Pubdate: Fri, 09 Nov 2012
Source: Denver Post (CO)
Copyright: 2012 The Denver Post Corp
Author: William Booth, The Washington Post
Page: 29A


Officials Rethink Their Anti-Drug Strategy After Colorado, Washington
Legalize Marijuana.

Mexico City - The decision by voters in Colorado and Washington state
to legalize the recreational use of marijuana has left President-elect
Enrique Pea Nieto and his team scrambling to reformulate their
antidrug strategies in light of what one senior aide said was a
referendum that "changes the rules of the game."

It is too early to know what Mexico's response to the ballot measures
will be, but Pena Nieto's top aide said the incoming administration
will discuss the issue when he heads toWashington this month for
meetings with President Barack Obama and congressional leaders. The
decision, however, is expected to spark a broad debate in Mexico about
the direction and costs of the U.S.-backed drug war here.

Mexico spends billions of dollars each year confronting violent
trafficking organizations that threaten the security of the country
but whose main market is the U.S., the largest consumer of drugs in
the world.

With Washington's urging and support, Mexican soldiers roam the
mountains burning clandestine plantations filled with marijuana
destined for the United States. Mexico's police and military last year
seized almost as much marijuana as did U.S. agents working the
Southwest border region.

About 60,000Mexicans have been killed in drug violence, and tens of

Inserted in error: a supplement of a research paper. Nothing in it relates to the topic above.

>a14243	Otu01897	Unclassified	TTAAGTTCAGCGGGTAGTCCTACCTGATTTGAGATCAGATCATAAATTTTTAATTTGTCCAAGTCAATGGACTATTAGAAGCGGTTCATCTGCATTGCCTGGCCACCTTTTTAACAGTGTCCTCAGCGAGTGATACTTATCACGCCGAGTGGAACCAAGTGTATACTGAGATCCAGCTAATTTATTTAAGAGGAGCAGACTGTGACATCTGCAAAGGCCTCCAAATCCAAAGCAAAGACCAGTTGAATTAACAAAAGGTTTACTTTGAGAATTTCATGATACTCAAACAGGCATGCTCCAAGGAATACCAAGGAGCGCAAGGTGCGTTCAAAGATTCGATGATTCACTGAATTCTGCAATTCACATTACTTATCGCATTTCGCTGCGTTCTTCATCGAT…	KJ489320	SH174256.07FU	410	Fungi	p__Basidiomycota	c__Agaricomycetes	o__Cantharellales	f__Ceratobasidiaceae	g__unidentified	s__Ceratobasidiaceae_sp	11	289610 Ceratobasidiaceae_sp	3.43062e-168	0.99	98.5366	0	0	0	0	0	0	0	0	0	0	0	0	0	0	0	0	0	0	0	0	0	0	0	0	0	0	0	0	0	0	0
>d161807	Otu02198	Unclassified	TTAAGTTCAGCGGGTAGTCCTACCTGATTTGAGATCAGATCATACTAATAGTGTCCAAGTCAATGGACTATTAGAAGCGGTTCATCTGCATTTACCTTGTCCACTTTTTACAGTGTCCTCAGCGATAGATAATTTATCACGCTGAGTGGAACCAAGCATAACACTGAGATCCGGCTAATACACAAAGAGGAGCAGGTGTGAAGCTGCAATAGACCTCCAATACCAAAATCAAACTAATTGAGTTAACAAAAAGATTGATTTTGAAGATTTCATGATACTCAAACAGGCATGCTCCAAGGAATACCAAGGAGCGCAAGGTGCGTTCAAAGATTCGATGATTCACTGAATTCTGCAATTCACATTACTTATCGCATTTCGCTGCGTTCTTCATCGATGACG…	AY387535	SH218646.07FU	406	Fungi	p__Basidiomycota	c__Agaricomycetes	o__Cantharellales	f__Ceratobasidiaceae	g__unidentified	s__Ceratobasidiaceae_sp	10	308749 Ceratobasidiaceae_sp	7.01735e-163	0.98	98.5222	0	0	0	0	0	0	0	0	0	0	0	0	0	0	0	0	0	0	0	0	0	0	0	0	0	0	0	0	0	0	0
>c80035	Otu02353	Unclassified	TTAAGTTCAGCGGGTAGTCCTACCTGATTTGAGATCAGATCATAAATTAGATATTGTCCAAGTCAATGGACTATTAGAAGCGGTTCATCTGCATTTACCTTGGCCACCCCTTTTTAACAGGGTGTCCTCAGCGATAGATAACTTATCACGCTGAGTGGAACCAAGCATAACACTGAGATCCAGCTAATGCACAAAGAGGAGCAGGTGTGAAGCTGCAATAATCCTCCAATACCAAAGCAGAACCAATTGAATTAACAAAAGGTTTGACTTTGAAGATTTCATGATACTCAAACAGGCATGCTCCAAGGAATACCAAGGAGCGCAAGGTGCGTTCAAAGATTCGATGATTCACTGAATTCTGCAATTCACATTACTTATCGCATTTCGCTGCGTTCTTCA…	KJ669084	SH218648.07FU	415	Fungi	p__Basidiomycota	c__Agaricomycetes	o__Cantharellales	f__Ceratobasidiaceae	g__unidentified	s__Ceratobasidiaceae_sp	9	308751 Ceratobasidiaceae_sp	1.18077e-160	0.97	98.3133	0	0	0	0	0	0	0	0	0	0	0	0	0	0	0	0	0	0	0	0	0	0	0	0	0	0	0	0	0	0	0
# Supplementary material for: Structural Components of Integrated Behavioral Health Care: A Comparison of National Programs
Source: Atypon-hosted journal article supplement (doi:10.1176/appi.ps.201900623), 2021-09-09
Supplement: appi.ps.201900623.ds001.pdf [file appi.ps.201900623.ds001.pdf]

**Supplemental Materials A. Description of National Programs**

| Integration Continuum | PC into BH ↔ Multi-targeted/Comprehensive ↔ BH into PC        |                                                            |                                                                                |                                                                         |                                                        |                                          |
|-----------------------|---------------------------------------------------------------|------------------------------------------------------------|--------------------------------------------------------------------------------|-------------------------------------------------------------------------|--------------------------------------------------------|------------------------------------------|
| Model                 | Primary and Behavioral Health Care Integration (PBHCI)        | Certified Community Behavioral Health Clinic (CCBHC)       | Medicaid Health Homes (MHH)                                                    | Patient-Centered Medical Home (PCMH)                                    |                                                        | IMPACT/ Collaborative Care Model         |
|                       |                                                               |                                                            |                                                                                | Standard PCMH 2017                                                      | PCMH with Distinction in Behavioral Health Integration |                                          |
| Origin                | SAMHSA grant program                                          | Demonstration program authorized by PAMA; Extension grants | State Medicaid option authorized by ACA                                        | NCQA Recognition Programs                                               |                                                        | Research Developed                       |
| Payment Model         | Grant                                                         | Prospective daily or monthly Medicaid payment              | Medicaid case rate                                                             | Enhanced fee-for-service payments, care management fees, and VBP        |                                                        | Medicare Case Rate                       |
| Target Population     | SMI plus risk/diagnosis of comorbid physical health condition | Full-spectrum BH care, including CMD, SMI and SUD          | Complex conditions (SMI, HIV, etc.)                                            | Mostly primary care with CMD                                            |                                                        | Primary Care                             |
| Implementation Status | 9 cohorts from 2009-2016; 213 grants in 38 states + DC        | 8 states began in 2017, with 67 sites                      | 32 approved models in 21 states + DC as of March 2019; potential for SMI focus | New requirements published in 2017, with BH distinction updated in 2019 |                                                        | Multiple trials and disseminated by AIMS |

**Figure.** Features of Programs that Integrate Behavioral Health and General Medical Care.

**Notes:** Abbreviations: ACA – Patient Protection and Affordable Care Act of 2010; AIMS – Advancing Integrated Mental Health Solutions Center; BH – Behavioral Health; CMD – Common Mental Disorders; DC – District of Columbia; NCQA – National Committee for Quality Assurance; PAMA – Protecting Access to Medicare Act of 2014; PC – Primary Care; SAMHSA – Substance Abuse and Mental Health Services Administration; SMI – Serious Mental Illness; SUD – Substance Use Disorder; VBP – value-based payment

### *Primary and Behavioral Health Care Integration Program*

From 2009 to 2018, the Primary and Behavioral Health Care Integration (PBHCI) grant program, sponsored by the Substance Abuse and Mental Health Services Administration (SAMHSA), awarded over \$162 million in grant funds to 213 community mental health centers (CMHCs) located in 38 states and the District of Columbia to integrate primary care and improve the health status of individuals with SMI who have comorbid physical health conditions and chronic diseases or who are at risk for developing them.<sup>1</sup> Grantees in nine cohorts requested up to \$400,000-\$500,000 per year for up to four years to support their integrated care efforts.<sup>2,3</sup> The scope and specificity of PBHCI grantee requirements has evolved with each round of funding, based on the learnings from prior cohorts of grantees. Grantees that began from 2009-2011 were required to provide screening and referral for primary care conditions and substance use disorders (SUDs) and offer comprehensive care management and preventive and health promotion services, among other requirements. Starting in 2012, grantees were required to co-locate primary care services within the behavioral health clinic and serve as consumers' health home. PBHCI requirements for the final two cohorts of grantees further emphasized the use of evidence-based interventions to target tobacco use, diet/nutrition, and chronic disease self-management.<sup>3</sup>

thousands arrested and incarcerated. The drug violence and the state
response to narcotics trafficking and organized crime has consumed the
administration of outgoing President Felipe Calderon.

"The legalization of marijuana forces us to think very hard about our
strategy to combat criminal organizations, mainly because the largest
consumer in the world has liberalized its laws," said Manlio Fabio
Beltrones, leader of Pea Nieto's party in Mexico's Congress.

Pea Nieto's top adviser, Luis Videgaray, said Thursday that his boss
did not think that legalization was the answer. But Videgaray said
Mexico's drug strategies must be reviewed in light of the legalization

"Obviously, we can't handle a product that is illegal in Mexico,
trying to stop its transfer to the United States, when in the United
States, at least in part of the United States, it now has a different
status," Videgaray told a radio station Wednesday.

Videgaray added that legalization "changes the rules of the game in
the relationship with the United States" in regards to anti-drug efforts.

Advocates for marijuana legalization in the United States and Mexico
have often argued that ending the prohibition against pot would deny
Mexican traffickers a key source of revenue.

If Colorado and Washington state manage to legalize the trade - to
produce homegrown products that can compete in price and quality
against illegal Mexican imports-then revenue to Mexican drug cartels
would probably decrease. But not by much.

U.S. experts who produced a landmark Rand Corp. study in 2010 when
California voters were considering the legalization of recreational
marijuana use (the measure did not pass), concluded that Mexican
cartels earn no more than $2 billion moving marijuana across the
Southwest border and that the groups derive 15 percent to 26 percent
of their revenue from marijuana sales.
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